Though the land from Krasnoiarsk had been respected in its natural productions, its forests now bore trace of fire and steel; and it was evident that some large body of men had passed that way.
Twenty miles before Nijni-Oudinsk, the indications of recent devastation could not be mistaken, and it was impossible to attribute them to others than the Tartars. It was not only that the fields were trampled by horse's feet, and that trees were cut down. The few houses scattered along the road were not only empty, some had been partly demolished, others half burnt down. The marks of bullets could be seen on their walls.
Michael's anxiety may be imagined. He could no longer doubt that a party of Tartars had recently passed that way, and yet it was impossible that they could be the Emir's soldiers, for they could not have passed without being seen. But then, who were these new invaders, and by what out-of-the-way path across the steppe had they been able to join the highroad to Irkutsk? With what new enemies was the Czar's courier now to meet?
He did not communicate his apprehensions either to Nicholas or Nadia, not wishing to make them uneasy. Besides, he had resolved to continue his way, as long as no insurmountable obstacle stopped him. Later, he would see what it was best to do. During the ensuing day, the recent passage of a large body of foot and horse became more and more apparent. Smoke was seen above the horizon. The kibitka advanced cautiously. Several houses in deserted villages still burned, and could not have been set on fire more than four and twenty hours before.
At last, during the day, on the 8th of September, the kibitka stopped suddenly. The horse refused to advance. Serko barked furiously.
"What is the matter?" asked Michael.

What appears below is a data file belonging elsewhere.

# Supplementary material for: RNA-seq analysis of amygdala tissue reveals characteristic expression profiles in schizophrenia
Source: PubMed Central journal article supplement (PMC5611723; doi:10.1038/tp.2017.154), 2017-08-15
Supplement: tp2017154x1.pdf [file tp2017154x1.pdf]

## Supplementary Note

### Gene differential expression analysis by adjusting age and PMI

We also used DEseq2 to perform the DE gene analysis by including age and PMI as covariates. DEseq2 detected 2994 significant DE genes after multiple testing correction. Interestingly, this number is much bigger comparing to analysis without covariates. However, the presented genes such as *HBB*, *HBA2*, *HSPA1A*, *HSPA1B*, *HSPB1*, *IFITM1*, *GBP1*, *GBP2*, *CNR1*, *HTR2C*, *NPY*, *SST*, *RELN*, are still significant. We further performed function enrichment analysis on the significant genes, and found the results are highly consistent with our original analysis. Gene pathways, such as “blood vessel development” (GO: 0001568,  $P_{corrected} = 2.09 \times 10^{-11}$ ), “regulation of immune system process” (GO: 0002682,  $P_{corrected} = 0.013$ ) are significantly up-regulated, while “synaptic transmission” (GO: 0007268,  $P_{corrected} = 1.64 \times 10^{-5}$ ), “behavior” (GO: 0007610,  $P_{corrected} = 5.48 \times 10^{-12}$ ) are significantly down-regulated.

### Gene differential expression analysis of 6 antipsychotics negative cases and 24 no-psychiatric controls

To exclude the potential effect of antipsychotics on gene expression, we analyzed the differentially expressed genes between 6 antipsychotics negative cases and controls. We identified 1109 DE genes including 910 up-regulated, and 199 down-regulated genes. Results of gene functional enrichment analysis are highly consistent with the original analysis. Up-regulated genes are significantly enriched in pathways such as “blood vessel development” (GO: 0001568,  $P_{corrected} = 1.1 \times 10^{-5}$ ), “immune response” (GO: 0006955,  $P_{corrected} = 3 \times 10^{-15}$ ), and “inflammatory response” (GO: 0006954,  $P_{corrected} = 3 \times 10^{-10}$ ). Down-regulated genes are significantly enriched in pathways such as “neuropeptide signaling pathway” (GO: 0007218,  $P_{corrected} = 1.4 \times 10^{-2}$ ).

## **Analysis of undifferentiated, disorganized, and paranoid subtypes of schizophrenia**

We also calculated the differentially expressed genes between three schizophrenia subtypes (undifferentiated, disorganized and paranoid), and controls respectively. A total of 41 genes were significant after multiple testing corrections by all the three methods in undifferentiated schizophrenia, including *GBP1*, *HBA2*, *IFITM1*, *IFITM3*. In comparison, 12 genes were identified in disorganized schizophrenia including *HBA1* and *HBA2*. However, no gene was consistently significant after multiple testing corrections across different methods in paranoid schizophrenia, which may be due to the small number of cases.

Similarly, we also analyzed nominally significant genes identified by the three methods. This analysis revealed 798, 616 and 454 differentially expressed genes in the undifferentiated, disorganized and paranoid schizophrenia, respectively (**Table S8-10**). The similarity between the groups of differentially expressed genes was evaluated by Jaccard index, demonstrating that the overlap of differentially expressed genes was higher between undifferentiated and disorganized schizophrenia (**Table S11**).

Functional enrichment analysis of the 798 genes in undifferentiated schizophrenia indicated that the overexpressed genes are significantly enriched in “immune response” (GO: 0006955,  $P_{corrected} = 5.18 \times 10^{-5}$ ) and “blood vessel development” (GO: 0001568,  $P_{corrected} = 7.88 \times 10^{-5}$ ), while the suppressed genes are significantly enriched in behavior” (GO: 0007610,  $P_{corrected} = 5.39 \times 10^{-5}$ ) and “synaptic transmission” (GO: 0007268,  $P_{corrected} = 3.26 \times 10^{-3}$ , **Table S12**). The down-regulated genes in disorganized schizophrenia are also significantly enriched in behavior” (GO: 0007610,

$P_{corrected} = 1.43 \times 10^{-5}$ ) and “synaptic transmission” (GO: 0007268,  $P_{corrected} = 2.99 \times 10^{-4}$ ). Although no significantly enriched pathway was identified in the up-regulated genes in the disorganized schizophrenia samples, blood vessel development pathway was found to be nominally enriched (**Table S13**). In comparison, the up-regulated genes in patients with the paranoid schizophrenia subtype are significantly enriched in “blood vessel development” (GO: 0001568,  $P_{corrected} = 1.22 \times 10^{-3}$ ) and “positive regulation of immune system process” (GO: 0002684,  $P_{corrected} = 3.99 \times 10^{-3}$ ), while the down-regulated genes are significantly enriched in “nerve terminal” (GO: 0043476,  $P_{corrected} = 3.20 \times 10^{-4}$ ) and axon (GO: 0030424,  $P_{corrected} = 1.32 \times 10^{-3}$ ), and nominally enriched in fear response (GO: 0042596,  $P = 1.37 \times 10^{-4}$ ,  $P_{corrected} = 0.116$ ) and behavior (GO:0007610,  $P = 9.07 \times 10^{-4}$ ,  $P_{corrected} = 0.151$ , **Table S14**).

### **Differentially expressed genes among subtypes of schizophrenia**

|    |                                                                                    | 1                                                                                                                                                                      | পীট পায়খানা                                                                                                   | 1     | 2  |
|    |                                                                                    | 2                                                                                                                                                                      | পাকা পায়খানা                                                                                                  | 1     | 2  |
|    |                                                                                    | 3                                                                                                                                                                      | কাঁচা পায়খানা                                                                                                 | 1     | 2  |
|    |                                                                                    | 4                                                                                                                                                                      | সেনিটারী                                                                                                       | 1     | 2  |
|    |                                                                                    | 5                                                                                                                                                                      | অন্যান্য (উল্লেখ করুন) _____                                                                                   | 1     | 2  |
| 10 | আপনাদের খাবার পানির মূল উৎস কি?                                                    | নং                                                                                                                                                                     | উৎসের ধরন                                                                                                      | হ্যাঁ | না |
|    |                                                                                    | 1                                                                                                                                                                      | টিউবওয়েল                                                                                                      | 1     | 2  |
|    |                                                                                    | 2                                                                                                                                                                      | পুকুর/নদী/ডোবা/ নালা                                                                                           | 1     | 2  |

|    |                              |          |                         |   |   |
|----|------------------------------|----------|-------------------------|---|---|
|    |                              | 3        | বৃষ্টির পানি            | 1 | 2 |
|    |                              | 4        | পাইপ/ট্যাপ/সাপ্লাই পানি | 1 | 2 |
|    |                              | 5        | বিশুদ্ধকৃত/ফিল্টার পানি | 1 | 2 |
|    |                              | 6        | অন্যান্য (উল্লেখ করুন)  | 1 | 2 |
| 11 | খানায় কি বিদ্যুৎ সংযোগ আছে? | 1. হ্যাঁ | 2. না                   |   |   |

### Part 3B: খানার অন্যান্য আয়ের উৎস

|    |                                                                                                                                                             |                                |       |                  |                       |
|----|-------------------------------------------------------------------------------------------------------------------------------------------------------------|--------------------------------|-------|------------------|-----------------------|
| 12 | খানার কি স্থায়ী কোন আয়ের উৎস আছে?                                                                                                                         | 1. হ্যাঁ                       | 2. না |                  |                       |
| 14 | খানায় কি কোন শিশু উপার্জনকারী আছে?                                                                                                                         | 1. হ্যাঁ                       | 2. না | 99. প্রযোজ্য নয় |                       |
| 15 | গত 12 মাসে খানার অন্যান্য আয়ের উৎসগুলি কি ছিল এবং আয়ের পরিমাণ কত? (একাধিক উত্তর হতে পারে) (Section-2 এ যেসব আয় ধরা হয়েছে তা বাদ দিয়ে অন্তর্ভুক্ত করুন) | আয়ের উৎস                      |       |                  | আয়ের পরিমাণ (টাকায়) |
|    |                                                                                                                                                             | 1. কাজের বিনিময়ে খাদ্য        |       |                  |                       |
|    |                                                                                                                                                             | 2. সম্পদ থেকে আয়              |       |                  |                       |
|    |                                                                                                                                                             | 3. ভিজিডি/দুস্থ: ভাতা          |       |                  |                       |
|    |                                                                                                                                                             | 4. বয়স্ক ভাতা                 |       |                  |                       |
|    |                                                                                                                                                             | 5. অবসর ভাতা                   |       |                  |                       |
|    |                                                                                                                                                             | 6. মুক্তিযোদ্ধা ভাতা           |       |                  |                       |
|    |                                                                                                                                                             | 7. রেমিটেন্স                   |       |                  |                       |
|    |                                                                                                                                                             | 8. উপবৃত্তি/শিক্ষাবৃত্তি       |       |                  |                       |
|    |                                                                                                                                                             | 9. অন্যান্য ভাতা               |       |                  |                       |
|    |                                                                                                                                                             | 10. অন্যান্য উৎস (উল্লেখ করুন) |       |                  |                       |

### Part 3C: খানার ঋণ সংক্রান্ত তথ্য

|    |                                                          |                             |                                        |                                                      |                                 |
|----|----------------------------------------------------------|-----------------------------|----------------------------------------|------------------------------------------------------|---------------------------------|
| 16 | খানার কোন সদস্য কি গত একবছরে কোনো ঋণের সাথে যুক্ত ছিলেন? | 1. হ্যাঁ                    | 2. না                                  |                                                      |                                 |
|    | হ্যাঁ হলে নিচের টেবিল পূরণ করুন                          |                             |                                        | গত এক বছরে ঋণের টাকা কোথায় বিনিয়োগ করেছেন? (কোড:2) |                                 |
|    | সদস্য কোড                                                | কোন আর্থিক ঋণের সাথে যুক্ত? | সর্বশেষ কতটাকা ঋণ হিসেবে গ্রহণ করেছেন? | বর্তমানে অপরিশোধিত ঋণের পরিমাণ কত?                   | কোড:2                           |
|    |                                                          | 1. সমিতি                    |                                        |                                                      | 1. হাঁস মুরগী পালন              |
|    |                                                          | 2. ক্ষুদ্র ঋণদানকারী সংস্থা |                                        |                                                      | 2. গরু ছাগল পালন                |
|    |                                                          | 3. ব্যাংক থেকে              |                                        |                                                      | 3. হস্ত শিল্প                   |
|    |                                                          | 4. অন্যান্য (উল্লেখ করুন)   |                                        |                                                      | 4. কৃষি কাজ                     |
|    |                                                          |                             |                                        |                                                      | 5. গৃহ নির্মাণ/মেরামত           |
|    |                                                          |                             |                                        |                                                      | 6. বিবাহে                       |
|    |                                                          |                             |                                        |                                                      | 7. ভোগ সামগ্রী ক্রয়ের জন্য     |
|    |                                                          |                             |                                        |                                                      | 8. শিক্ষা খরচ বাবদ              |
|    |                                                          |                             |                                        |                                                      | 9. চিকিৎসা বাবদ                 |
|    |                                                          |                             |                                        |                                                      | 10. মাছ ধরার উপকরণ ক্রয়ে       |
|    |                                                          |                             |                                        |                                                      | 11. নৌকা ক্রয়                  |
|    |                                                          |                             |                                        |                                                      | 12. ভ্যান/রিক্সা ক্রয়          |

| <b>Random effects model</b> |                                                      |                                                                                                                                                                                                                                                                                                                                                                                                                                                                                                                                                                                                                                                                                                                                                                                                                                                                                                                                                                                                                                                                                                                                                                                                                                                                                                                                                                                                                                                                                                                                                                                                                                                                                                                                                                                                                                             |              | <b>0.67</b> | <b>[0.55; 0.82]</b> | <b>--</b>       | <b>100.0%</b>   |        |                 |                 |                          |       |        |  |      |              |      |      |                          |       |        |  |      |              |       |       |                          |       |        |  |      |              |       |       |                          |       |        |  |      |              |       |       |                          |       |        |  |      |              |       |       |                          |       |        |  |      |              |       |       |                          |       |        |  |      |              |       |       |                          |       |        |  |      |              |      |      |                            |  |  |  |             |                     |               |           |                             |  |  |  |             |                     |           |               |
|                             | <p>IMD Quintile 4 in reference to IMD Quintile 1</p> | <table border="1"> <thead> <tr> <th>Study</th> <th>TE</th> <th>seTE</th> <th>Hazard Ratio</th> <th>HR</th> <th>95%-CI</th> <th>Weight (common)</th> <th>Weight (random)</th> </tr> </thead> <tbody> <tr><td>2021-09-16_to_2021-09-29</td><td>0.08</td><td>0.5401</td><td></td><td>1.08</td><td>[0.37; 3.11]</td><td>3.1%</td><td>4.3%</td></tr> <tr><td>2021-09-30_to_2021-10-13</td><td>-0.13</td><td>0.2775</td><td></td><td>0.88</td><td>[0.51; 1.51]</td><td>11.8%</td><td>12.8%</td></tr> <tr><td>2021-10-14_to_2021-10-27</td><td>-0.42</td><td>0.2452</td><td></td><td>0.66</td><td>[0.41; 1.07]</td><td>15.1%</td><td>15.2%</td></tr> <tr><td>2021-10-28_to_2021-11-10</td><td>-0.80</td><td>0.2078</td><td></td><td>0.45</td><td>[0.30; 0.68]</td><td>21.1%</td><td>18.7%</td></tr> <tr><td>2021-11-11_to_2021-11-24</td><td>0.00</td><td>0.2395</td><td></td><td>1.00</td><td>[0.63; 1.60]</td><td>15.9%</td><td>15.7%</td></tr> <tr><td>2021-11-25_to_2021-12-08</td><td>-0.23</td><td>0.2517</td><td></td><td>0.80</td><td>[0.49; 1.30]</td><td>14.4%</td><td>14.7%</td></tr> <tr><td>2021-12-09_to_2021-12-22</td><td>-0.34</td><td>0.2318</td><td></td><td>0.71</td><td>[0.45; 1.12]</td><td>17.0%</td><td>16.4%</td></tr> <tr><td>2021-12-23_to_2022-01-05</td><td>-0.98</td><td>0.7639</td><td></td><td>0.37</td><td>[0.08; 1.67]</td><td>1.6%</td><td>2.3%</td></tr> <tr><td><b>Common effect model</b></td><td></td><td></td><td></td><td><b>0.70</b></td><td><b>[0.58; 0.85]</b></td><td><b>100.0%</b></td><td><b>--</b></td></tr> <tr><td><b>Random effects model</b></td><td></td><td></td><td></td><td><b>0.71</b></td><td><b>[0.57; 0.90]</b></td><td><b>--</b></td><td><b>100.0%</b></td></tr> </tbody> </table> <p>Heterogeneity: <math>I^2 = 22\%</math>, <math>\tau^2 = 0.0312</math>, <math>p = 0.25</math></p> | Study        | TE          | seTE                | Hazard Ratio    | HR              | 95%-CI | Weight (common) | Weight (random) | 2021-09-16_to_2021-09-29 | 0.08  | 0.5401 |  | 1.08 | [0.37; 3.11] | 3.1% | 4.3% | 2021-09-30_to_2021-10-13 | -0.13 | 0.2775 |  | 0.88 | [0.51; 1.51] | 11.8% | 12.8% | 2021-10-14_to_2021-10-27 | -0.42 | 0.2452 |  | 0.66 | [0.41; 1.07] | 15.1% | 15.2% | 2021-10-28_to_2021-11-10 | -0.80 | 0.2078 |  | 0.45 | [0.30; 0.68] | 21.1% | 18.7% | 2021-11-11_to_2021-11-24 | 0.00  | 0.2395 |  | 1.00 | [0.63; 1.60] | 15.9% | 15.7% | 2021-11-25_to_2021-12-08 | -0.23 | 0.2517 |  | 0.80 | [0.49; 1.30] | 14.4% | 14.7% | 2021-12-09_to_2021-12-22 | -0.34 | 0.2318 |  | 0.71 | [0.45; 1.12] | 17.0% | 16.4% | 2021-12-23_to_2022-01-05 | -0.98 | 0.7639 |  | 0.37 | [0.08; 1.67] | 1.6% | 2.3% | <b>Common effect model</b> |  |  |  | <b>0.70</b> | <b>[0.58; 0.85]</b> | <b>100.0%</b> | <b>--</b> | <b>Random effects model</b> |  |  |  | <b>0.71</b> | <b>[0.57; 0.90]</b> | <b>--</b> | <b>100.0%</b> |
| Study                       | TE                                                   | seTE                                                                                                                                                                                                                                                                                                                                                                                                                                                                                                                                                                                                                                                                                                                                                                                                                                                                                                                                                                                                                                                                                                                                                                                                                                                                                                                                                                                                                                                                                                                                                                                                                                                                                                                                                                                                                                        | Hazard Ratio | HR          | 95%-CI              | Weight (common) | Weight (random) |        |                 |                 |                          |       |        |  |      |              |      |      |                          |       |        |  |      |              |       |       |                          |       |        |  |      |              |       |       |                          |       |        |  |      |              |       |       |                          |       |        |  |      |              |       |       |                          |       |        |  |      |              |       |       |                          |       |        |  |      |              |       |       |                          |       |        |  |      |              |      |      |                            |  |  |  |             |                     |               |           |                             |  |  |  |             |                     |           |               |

"A corpse!" replied Nicholas, who had leapt out of the kibitka. The body was that of a moujik, horribly mutilated, and already cold. Nicholas crossed himself. Then, aided by Michael, he carried the body to the side of the road. He would have liked to give it decent burial, that the wild beasts of the steppe might not feast on the miserable remains, but Michael could not allow him the time.
"Come, friend, come!" he exclaimed, "we must not delay, even for an hour!" And the kibitka was driven on.
Besides, if Nicholas had wished to render the last duties to all the dead bodies they were now to meet with on the Siberian highroad, he would have had enough to do! As they approached Nijni-Oudinsk, they were found by twenties, stretched on the ground.
It was, however, necessary to follow this road until it was manifestly impossible to do so longer without falling into the hands of the invaders. The road they were following could not be abandoned, and yet the signs of devastation and ruin increased at every village they passed through. The blood of the victims was not yet dry. As to gaining information about what had occurred, that was impossible. There was not a living being left to tell the tale.
About four o'clock in the afternoon of this day, Nicholas caught sight of the tall steeples of the churches of Nijni-Oudinsk. Thick vapors, which could not have been clouds, were floating around them.
Nicholas and Nadia looked, and communicated the result of their observations to Michael. They must make up their minds what to do. If the town was abandoned, they could pass through without risk, but if, by some inexplicable maneuver, the Tartars occupied it, they must at every cost avoid the place.
"Advance cautiously," said Michael Strogoff, "but advance!"
A verst was soon traversed.
"Those are not clouds, that is smoke!" exclaimed Nadia. "Brother, they are burning the town!"
It was, indeed, only too plain. Flashes of light appeared in the midst of the vapor. It became thicker and thicker as it mounted upwards. But were they Tartars who had done this? They might be Russians, obeying the orders of the Grand Duke. Had the government of the Czar determined that from Krasnoiarsk, from the Yenisei, not a town, not a village should offer a refuge to the Emir's soldiers? What was Michael to do?
He was undecided.